Between 1819 and 1845, as veterans of the Revolutionary War were filing applications to receive pensions for their service, the government was surprised to learn that many of the soldiers were not men, but boys, many of whom were under the age of sixteen, and some even as young as nine. In Boy Soldiers of the American Revolution, Caroline Cox reconstructs the lives and stories of this young subset of early American soldiers, focusing on how these boys came to join the army and what they actually did in service. Giving us a rich and unique glimpse into colonial childhood, Cox traces the evolution of youth in American culture in the late eighteenth century, as the accepted age for children to participate meaningfully in society—not only in the military—was rising dramatically.
In the following excerpt (pp. 52-55), Cox explores the life of a single boy soldier and considers how “a strong desire to enlist” led him to join the army at the age of sixteen.
State of Vermont
Probate District of Bradford
in the County of Orange
At a court of Probate held in Bradford in and for the District of Bradford before the Hon. William Spenser Judge of said court—on this 7th day of August 1832 personally appeared in open court before the judge of said court now sitting Samuel Aspenwall a resident of Bradford in the County of Orange and State of Vermont aged sixty six years who first being duly sworn according to law doth on his oath make the following declaration in order to obtain the benefit of the act of Congress passed June 7th 1832.
. . . That in the month of March 1782 he joined the company of Captain Allen and a regiment of the Connecticut Militia. [He lists several officers.] That he joined this company as a substitute for one Daniel Hibbard of Windham in the county of Windham and State of Connecticut who was drafted for one year’s service. That he immediately marched to Horse Neck—near the southwest (CHK) corner of Connecticut—to guard the lines from the depredations of the Cowboys—Refugees and Skinners—[loyalists or British troops and thieves foraging from Long Island].
This was all Aspenwall had to say about his enlistment. However, his sister Mary Truman, giving a deposition in support of his claim, remembered the events of that spring vividly. She recalled her brother had “a strong desire to enlist” before he was sixteen (he celebrated that birthday six months after he joined). She listened to family conversations, knew that her father was worried about Samuel catching smallpox or finding his fellow soldiers too rough for a young boy to associate with. She could also remember his return a year later because he came back just as the family welcomed a new baby sister.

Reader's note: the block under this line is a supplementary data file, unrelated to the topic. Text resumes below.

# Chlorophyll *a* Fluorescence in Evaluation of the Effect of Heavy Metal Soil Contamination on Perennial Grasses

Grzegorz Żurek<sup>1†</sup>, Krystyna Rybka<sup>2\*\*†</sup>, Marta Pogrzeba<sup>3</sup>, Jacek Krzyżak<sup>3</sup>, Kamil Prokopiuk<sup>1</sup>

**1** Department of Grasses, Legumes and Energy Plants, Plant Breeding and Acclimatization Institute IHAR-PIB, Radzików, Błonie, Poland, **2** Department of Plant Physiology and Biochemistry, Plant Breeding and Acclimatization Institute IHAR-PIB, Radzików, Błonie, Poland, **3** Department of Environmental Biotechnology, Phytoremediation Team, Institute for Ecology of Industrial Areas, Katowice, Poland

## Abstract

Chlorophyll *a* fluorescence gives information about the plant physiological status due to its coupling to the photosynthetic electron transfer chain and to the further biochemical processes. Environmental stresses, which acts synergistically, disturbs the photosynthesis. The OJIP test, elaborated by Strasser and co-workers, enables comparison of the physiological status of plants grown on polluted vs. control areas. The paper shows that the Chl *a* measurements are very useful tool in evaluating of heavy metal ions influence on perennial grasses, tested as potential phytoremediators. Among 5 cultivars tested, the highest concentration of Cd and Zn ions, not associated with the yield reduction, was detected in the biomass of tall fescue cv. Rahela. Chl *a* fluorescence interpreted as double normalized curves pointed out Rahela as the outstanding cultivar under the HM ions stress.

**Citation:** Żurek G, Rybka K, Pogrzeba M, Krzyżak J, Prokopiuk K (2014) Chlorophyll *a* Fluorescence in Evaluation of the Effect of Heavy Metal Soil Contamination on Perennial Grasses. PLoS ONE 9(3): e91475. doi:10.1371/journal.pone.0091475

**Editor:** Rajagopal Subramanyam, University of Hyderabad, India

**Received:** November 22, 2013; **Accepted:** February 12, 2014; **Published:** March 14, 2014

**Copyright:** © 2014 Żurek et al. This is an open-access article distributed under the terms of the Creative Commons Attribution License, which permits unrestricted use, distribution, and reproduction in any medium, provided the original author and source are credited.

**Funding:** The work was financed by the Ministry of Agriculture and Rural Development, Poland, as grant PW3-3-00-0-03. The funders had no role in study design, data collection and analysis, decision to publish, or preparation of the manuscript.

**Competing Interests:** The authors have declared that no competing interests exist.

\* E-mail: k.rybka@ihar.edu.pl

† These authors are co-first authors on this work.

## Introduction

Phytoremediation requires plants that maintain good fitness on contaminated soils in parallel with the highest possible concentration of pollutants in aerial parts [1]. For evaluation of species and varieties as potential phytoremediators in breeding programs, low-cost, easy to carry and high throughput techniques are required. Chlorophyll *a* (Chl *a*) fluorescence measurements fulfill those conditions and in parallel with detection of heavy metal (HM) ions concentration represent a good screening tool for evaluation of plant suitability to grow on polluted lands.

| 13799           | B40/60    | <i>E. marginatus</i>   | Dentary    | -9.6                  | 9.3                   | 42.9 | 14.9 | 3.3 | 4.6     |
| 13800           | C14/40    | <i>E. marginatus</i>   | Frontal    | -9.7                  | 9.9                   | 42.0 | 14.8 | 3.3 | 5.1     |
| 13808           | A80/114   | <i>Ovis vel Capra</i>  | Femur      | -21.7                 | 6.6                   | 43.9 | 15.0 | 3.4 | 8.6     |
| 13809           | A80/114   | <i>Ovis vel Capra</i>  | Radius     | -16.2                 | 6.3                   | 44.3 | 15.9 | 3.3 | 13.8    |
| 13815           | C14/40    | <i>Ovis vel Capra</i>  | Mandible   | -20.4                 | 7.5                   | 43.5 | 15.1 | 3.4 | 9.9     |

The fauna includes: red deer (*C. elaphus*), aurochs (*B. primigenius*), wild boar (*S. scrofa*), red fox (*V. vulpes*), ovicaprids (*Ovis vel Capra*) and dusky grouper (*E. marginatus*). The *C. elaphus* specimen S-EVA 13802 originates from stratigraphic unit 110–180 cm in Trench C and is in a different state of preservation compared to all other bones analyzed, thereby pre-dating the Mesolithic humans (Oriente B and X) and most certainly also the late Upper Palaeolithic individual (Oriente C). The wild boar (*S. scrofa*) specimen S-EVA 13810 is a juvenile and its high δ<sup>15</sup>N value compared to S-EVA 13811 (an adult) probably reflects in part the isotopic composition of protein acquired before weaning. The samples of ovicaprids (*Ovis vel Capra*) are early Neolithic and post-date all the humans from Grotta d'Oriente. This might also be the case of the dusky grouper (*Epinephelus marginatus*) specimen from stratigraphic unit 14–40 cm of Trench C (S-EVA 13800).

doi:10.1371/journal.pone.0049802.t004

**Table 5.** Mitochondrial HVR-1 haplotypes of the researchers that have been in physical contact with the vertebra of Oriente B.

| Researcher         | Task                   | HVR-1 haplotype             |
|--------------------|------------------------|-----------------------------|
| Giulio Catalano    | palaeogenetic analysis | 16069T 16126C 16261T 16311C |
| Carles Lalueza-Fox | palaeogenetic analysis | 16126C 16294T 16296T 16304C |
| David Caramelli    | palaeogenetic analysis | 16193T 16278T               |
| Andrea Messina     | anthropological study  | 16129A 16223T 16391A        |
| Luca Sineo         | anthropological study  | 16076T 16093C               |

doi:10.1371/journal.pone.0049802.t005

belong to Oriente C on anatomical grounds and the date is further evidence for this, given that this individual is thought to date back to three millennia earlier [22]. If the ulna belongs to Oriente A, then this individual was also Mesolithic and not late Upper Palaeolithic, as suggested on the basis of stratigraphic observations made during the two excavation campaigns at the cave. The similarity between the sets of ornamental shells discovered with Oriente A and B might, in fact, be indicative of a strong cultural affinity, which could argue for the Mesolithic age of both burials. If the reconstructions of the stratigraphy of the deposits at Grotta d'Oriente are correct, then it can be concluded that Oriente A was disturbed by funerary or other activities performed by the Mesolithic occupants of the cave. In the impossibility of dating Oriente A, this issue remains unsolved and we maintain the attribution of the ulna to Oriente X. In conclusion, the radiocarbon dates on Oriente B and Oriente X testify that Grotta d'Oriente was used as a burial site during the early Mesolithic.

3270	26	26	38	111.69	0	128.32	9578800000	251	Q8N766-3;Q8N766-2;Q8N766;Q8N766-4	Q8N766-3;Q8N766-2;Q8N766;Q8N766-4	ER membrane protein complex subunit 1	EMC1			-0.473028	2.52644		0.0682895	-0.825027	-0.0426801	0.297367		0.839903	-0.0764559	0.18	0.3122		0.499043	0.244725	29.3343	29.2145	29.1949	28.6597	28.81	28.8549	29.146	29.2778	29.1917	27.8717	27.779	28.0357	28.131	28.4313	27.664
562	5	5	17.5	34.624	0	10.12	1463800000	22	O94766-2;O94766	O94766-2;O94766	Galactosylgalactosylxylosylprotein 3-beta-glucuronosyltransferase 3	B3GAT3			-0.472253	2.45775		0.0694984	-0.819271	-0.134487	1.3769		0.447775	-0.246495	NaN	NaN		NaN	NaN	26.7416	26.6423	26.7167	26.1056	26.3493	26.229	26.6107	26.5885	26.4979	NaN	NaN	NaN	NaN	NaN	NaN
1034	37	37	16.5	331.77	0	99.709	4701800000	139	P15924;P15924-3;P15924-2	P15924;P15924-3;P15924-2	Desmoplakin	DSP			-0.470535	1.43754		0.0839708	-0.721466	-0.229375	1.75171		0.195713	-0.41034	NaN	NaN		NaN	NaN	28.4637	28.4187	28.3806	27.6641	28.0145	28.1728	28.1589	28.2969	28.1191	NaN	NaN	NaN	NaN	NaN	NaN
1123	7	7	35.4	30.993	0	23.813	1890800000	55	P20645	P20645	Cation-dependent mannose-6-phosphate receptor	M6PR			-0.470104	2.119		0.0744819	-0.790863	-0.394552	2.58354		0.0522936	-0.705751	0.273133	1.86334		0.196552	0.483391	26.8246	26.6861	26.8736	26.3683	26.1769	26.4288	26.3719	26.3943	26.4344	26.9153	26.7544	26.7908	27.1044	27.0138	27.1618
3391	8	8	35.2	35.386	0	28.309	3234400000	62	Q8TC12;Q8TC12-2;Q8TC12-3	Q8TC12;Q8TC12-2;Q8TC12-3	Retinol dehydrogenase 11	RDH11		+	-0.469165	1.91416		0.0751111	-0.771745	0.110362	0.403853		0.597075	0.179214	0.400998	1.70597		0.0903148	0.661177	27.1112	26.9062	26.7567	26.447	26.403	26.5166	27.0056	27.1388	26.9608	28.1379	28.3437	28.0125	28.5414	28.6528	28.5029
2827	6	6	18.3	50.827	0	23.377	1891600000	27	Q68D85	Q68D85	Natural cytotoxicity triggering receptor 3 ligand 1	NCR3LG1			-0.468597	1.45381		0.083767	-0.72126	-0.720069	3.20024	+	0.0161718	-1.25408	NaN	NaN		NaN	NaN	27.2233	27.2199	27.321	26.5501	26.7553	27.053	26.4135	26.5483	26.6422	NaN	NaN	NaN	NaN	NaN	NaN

Perhaps it was like this:
In 1782, Samuel Aspenwall was fifteen years old. He could barely remember a time when his country had not been at war. He had lived all his life in Stonington, Connecticut, and even though it was not the site of any major battles, he had regularly watched the men in his community march off to serve in the Continentals, the state troops, and the militia. They had been fighting since the earliest days of the war. Stonington was only a hundred miles from Boston—close enough to help the Massachusetts militia and other troops respond to the British army’s attacks at Lexington and Concord.
That fateful spring, Aspenwall had only been nine years old, and much of what he knew about the war he learned from stories repeated around the fire at home in the evening. In the intervening years, news of the great events of the day—the defeat of patriot forces in New York and New Jersey in the following two years, the victory of General Horatio Gates at Saratoga, New York, in 1777, and the triumph of General Washington and French General Rochambeau at Yorktown in Virginia in 1781—came to Stonington from a variety of sources. Local men serving in the armed forces wrote letters home, and their families shared the news. The soldiers themselves added details when they returned. And thirdhand reports appeared in the weekly newspaper, which his father or a neighbor occasionally bought in the port town of New London, about fifteen miles away, when they went there on business. Samuel took all this in, sometimes reading the newspaper himself, listening to his parents’ conversations, or being with his father when he met relatives, friends, and neighbors to talk about politics and the war.
Some of the events of the war happened close to home. Since 1776, the British had occupied New York. New London and the neighboring fort at Groton Heights overlooked the mouth of the Connecticut River and Long Island Sound, just a few miles away by water from British forces. There were regular alarms along the coast that required the militia to turn out when enemy ships appeared on the horizon or raiding parties landed hoping to forage supplies. In 1781, the British, led by the traitor Benedict Arnold, had attacked Groton Heights and overwhelmed its outnumbered defenders, killing dozens of men and taking the wounded prisoner. Some of those defenders were from Stonington and neighboring towns, and a few had been boys around Aspenwall’s age.
The following year, he felt he had been on the sidelines long enough. He now had a “Strong desire to enlist” for a year’s term in the Connecticut state troops. He thought his father, a man sympathetic to the patriot cause, would fully support him. But he was wrong. His father vehemently objected; he thought Samuel was too young for the military. He was worried about the boy going far away from home, living a hard soldiers’ life, and keeping rough company. He also knew that many soldiers had contracted smallpox and died in army camps in the early years of the war.